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Is State Department's 'Natural Law' Effort Code for Homophobia?

Secretary of State Mike Pompeo
Secretary of State Mike Pompeo

The department's plan to establish a commission to look at human rights through a "natural law" lens has activists concerned.

The State Department is planning to establish an advisory committee looking at human rights through the lens of "natural law" -- a theory often used to argue against LGBTQ equality.

The new body, to be called the Commission on Unalienable Rights, "will provide the Secretary of State advice and recommendations concerning international human rights matters," says a notice published Thursday in the Federal Register. "The Commission will provide fresh thinking about human rights discourse where such discourse has departed from our nation's founding principles of natural law and natural rights."

Some human rights activists "privately said they worry that talk of the 'nation's founding principles' and 'natural law' are coded signals of plans to focus less on protecting women and LGBT people," Politico reports.

Conservative judges and academics have often contended that same-sex relationships are a violation of natural law. Although the term has been defined in many ways, some describe it as a belief that all law is or should be based on unchanging moral principles -- and among these are that sex should be reserved for married heterosexual couples and that gender roles derive from nature.

"Today natural law theory offers the most common intellectual defense for differential treatment of gays and lesbians," according to the Stanford Encyclopedia of Philosophy.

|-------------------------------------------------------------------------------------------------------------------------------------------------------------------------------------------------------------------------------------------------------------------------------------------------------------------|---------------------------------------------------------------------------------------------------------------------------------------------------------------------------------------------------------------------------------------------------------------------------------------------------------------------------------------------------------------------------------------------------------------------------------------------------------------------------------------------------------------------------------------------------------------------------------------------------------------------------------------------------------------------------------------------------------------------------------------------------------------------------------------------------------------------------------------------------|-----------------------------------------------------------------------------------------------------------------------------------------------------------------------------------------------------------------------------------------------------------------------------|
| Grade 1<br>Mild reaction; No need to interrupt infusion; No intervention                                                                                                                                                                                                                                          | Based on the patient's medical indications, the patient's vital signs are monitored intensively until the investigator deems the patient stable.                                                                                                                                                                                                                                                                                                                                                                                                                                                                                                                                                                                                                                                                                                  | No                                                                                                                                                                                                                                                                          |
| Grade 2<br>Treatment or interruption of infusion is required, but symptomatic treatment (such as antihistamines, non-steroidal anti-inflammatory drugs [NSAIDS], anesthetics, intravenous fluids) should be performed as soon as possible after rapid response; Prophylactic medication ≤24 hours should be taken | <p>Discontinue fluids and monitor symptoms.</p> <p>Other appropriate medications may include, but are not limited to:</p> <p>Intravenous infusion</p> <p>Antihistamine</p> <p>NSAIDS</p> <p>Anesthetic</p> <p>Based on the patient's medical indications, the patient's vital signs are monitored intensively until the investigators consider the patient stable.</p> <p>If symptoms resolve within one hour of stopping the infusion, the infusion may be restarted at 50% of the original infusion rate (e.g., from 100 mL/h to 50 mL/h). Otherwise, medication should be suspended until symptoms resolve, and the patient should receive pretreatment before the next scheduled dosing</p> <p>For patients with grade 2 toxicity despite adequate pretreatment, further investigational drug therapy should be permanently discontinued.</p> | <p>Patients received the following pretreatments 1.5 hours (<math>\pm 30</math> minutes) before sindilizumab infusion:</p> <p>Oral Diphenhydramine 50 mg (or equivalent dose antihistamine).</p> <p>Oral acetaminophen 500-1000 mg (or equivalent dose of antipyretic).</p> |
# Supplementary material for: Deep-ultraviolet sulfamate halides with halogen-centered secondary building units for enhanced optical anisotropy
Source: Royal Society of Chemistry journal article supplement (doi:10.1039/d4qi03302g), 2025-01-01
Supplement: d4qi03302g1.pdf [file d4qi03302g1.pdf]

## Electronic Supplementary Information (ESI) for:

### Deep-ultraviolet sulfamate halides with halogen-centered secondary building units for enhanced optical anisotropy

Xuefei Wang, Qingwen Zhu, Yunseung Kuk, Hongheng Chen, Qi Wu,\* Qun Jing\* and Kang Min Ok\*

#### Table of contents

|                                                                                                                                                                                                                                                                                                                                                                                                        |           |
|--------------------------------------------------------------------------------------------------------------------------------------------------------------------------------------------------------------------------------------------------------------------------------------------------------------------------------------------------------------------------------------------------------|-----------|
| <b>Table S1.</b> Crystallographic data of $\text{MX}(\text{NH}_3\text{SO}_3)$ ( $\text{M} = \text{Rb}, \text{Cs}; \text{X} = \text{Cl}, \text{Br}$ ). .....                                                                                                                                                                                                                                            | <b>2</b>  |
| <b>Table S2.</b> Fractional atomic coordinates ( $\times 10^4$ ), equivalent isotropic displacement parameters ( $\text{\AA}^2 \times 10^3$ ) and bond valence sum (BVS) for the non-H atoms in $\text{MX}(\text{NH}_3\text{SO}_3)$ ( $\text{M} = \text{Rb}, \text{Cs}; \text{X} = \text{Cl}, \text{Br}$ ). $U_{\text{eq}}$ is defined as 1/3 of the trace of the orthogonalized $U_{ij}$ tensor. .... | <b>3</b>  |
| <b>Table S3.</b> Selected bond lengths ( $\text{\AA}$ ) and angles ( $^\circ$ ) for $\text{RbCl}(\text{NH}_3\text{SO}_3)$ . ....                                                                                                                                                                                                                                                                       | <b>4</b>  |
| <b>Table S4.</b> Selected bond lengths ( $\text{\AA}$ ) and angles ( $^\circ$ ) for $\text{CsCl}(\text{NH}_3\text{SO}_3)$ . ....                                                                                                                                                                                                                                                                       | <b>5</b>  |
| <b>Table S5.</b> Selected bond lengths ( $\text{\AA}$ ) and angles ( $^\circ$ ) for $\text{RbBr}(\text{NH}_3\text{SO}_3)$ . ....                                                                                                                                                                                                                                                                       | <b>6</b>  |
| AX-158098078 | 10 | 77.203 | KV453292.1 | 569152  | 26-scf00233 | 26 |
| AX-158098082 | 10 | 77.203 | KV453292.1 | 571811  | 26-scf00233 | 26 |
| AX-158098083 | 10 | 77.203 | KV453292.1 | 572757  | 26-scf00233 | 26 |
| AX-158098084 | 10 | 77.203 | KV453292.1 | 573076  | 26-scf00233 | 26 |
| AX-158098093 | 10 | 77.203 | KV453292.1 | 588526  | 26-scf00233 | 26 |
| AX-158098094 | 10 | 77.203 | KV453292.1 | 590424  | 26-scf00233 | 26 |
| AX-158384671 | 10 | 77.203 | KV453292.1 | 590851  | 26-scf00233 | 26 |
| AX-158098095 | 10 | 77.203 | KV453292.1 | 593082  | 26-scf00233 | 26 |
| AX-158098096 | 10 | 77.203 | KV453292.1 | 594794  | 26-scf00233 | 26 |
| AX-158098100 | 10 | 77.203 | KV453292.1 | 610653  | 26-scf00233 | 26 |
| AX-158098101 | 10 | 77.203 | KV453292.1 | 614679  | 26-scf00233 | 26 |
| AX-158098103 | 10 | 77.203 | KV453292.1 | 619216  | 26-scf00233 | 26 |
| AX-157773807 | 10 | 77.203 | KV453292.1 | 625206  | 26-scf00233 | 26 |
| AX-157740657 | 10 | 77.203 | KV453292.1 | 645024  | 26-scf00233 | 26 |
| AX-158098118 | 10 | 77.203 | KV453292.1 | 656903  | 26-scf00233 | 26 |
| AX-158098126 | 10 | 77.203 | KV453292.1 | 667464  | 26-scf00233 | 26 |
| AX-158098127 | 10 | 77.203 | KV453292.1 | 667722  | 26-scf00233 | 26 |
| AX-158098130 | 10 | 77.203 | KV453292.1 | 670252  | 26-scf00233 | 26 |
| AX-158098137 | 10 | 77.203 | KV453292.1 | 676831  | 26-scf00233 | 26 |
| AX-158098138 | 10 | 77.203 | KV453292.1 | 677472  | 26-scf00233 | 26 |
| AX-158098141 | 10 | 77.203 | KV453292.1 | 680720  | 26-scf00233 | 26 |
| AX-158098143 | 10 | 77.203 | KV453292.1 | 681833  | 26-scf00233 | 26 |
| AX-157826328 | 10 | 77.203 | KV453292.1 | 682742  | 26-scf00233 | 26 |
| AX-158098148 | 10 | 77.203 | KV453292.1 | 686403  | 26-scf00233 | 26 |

Secretary of State Mike Pompeo, who had a long anti-LGBTQ record as a member of Congress from Kansas, offered only generalities about the planned commission when speaking to reporters Thursday, Politico reports. The group will address "how do we connect up what it is we're trying to achieve throughout the world, and how do we make sure that we have a solid definition of human rights upon which to tell all our diplomats around the world," he said.

Pompeo has had a mixed record since becoming secretary of State last year -- issuing a supportive statement for Pride Month, for instance, but failing to acknowledge this year's International Day Against Homophobia, Transphobia, and Biphobia. During his tenure, the State Department has at least spoken out against Chechnya's state-sponsored antigay violence in Chechnya and Brunei's enactment of a law (now suspended) providing for the death penalty for gay sex.

Some former State Department workers questioned why the new commission was needed, as the department already has a human rights bureau. "I don't think this is the advisory committee for expanding rights," U.S. Rep. Tom Malinowski of New Jersey, a Democrat who was assistant secretary of State for human rights when Barack Obama was president, told Politico.

Ty Cobb, director of the Human Rights Campaign's global arm, expressed skepticism about the commission in a statement to the Washington Blade. "We would welcome a commission focused on expanding the rights of all individuals, including LGBTQ people, but the Trump administration has clearly demonstrated an intent to restrict the rights of women, LGBTQ people, and other marginalized communities," he said. "We sincerely doubt this is being done in good faith to protect the human rights of all people, regardless of sexual orientation and gender identity."

An official with Human Rights First, a nonpartisan organization that advocates for the rights of all, including LGBTQ people, also got in a criticism of the U.S. human rights record under Donald Trump. "Many in the human rights community will welcome an opportunity to advise the Trump administration on where its policies contradict America's founding principles. There will be much to discuss," Rob Berschinski, senior vice president for policy, told Politico.

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